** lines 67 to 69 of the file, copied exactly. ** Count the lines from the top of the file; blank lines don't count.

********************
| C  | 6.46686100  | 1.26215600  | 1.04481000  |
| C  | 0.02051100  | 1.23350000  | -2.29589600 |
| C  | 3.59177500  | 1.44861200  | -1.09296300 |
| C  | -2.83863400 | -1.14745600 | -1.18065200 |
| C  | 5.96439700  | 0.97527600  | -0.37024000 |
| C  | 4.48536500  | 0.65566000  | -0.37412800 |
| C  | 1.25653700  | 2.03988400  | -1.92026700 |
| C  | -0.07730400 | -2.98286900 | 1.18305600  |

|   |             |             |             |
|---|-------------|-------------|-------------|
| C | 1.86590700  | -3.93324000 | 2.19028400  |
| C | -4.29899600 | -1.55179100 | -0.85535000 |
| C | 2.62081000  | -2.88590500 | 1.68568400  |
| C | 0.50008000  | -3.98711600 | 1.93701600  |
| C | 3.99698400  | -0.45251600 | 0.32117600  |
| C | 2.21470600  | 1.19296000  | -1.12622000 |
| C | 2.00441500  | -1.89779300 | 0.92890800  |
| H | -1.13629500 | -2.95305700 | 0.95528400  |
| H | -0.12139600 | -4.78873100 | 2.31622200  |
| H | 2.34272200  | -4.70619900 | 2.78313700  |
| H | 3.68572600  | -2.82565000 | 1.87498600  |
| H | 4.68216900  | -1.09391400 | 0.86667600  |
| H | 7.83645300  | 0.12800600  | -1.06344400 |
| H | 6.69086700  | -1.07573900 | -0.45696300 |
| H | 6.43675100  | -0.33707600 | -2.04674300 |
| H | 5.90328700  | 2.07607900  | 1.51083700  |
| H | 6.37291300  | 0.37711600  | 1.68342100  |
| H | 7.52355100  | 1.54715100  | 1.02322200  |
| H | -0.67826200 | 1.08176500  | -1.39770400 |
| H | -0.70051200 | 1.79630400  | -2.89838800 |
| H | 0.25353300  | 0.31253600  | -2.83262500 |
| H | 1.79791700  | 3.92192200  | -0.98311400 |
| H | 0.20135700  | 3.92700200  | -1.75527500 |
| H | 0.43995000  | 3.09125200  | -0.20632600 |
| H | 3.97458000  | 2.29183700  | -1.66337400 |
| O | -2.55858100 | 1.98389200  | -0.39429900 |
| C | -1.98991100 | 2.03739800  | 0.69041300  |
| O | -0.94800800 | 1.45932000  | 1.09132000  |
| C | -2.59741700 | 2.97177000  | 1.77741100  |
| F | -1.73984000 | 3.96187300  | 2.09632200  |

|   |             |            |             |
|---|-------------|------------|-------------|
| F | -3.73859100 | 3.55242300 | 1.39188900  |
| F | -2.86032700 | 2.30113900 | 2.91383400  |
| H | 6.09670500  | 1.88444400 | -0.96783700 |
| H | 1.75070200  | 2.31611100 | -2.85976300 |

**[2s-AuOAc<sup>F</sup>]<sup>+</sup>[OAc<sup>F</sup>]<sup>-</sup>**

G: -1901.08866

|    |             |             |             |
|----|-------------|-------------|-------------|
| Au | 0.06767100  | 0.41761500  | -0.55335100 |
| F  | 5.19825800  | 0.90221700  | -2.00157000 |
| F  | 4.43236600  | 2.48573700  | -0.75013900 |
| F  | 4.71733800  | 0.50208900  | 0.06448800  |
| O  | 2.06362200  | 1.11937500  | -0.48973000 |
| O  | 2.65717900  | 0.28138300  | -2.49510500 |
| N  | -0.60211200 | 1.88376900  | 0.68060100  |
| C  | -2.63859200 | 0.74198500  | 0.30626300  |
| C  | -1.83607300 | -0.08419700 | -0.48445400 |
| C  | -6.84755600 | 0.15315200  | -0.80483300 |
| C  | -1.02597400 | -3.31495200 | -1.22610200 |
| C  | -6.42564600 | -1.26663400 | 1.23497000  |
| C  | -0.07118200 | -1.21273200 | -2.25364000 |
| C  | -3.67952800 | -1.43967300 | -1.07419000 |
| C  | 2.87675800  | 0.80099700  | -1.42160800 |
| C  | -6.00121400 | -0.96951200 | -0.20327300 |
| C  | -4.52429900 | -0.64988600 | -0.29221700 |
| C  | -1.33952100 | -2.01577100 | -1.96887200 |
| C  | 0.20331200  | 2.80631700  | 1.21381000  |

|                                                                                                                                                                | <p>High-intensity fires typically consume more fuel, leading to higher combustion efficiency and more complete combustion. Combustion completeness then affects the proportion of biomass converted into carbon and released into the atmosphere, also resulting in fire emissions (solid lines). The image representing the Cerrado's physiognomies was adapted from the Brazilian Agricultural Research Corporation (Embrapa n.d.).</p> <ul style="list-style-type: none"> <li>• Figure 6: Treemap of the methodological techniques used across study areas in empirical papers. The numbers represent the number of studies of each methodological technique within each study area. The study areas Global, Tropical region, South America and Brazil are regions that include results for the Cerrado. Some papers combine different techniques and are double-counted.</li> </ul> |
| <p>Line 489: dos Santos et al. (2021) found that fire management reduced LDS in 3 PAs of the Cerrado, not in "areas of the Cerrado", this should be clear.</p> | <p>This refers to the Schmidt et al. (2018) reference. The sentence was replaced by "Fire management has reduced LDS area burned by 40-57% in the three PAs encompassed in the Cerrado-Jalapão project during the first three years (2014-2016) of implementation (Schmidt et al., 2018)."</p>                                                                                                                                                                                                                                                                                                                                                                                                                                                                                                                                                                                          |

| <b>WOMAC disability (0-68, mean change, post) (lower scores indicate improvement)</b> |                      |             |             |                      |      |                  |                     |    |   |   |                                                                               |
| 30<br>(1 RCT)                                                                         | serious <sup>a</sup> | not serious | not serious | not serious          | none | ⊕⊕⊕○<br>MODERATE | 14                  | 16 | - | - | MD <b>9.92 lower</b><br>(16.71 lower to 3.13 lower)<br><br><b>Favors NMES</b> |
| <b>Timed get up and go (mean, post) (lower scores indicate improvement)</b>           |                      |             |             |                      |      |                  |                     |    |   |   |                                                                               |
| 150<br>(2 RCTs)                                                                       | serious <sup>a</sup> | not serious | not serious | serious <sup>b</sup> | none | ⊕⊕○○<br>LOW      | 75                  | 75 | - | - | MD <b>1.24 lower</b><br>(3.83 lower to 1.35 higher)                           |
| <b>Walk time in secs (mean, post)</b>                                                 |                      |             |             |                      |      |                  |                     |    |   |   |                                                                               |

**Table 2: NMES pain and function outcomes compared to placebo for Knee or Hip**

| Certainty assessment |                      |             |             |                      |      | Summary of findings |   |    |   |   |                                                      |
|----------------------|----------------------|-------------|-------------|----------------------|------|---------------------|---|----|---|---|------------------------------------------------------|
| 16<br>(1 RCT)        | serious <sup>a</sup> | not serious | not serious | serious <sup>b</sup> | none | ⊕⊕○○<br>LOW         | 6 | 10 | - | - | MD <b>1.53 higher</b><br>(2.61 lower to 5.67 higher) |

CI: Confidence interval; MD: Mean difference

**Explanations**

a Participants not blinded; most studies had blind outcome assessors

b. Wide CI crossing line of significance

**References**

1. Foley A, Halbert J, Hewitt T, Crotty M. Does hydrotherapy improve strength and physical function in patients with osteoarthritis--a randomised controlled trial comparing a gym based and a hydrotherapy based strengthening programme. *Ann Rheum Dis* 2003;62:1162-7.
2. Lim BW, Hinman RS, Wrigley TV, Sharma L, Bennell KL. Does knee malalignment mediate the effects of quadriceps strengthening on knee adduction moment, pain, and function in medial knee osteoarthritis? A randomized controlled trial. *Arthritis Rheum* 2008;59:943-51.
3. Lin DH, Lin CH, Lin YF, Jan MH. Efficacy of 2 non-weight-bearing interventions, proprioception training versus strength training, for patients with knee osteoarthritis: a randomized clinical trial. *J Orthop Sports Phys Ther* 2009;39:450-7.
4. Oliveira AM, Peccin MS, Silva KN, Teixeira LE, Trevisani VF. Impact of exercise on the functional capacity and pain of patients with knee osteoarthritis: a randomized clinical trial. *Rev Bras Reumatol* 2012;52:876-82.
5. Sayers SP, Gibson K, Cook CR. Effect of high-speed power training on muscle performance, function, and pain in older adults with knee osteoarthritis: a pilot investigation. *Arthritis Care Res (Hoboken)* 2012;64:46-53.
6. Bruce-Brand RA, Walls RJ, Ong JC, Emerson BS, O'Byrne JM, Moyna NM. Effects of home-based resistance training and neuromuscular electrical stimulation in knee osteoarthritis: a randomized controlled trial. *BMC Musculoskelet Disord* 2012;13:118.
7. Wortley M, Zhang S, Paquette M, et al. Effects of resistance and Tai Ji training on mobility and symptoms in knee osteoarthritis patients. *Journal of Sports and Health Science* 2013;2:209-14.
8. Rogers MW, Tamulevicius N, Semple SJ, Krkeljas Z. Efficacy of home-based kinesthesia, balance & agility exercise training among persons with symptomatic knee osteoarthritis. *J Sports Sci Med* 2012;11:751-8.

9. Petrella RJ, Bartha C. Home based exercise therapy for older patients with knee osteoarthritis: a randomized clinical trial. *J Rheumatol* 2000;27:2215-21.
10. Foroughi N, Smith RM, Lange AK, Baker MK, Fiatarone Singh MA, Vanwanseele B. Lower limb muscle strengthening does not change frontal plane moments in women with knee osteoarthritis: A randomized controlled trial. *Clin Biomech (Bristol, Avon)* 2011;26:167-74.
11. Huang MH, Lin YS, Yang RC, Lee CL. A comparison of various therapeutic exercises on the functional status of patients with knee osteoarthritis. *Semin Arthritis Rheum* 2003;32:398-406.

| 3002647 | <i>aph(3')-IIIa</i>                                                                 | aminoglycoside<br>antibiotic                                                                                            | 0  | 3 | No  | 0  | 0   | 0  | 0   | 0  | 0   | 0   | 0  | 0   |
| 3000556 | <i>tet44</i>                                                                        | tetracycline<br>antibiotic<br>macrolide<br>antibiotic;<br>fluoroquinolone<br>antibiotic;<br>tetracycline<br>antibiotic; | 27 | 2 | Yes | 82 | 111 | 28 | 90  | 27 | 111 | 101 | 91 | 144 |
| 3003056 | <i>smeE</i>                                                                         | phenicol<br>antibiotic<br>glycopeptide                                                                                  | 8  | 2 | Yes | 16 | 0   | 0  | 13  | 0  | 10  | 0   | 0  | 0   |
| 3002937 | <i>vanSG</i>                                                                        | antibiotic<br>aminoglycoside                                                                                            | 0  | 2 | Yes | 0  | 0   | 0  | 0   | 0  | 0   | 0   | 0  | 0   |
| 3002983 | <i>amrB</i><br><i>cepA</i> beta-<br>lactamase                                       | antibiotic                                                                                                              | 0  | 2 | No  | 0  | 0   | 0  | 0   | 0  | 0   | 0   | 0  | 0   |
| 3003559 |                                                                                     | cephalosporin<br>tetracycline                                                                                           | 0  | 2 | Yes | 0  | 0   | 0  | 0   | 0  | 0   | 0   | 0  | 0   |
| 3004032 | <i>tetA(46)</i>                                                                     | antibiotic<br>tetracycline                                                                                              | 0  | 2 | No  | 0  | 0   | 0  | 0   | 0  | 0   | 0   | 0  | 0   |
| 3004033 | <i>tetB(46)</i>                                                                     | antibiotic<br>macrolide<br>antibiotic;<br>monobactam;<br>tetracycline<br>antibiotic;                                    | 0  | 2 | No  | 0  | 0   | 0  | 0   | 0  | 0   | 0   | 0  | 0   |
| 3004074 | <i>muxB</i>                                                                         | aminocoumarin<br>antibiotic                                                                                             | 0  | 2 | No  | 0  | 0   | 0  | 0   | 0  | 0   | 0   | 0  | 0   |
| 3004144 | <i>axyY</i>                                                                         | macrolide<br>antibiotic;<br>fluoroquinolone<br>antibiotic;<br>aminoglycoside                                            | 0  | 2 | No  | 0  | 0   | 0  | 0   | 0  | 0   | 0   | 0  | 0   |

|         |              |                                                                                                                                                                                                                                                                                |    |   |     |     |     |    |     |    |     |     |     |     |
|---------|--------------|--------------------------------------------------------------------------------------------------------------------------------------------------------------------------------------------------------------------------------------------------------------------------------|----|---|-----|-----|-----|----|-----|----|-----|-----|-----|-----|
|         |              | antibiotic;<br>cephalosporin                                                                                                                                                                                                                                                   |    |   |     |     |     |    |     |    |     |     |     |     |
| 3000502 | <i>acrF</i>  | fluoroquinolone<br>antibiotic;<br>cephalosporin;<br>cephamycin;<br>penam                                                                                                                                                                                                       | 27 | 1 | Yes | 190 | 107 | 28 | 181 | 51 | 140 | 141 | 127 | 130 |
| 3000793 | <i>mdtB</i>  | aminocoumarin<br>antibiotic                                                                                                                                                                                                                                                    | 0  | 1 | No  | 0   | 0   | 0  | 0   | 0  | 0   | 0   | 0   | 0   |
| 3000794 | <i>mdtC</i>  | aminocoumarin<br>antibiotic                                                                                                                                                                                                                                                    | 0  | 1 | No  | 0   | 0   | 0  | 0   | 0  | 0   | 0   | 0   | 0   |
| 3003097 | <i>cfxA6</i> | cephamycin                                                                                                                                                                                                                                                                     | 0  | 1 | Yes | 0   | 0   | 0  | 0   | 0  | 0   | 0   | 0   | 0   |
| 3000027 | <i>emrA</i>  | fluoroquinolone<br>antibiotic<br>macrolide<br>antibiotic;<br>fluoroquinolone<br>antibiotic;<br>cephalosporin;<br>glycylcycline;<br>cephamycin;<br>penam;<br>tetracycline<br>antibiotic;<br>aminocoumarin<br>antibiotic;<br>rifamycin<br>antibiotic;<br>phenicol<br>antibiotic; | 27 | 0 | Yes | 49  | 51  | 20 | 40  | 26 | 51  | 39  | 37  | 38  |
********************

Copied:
| C  | -4.52429900 | -0.64988600 | -0.29221700 |
| C  | -1.33952100 | -2.01577100 | -1.96887200 |
| C  | 0.20331200  | 2.80631700  | 1.21381000  |